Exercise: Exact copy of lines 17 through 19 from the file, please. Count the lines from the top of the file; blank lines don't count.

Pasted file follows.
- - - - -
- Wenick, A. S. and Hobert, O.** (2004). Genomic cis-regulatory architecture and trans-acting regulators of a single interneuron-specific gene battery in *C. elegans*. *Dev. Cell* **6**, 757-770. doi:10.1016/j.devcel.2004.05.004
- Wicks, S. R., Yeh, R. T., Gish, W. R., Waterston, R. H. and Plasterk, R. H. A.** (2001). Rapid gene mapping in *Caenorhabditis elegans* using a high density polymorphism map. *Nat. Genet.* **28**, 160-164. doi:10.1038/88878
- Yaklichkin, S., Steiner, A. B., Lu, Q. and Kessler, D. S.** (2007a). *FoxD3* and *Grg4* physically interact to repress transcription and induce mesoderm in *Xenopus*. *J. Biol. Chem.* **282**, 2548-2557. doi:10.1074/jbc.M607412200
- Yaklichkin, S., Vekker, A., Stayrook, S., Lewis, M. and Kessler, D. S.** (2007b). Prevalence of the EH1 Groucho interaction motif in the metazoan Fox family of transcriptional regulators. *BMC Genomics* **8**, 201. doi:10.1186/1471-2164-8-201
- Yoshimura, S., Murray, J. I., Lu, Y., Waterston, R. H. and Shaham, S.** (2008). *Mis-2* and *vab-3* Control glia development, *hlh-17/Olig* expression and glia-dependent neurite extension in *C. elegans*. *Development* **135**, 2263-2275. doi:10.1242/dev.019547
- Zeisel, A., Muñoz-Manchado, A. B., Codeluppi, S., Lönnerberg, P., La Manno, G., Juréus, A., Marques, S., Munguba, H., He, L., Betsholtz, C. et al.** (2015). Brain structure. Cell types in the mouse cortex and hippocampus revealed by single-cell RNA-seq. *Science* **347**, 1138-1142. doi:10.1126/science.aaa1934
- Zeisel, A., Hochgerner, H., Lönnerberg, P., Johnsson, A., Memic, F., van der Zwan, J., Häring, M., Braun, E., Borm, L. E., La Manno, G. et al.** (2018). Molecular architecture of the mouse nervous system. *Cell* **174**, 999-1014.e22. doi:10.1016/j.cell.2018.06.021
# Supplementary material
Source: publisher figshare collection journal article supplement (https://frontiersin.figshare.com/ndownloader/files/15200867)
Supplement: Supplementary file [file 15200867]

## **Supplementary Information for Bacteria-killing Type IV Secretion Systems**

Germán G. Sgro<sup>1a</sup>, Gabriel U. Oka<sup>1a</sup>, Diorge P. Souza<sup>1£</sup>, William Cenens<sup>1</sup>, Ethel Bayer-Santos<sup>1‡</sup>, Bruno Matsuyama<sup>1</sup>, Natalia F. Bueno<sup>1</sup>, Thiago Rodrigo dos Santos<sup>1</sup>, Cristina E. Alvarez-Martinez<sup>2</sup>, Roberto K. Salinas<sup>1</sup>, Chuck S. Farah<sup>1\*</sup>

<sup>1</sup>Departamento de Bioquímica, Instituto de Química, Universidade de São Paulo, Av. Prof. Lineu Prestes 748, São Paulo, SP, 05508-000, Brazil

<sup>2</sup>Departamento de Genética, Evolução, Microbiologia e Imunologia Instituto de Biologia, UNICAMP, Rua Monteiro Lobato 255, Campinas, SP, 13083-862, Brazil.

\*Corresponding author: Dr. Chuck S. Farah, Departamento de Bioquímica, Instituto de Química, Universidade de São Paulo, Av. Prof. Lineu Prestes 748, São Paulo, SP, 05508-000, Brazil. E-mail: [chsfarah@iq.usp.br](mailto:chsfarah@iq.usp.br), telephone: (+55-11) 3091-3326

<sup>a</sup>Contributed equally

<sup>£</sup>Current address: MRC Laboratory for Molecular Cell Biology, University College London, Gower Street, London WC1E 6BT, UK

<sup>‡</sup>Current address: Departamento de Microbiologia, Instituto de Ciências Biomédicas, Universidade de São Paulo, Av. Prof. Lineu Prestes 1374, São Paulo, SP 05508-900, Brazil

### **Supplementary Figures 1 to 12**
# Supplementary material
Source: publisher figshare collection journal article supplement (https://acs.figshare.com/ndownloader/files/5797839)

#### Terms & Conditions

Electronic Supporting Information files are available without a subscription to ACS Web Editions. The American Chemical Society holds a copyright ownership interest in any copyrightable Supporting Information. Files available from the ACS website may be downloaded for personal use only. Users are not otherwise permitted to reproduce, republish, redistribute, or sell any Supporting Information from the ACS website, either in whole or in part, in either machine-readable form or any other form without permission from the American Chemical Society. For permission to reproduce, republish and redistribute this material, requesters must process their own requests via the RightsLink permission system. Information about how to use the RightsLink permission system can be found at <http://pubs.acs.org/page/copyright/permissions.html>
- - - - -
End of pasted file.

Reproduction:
<sup>£</sup>Current address: MRC Laboratory for Molecular Cell Biology, University College London, Gower Street, London WC1E 6BT, UK

<sup>‡</sup>Current address: Departamento de Microbiologia, Instituto de Ciências Biomédicas, Universidade de São Paulo, Av. Prof. Lineu Prestes 1374, São Paulo, SP 05508-900, Brazil

### **Supplementary Figures 1 to 12**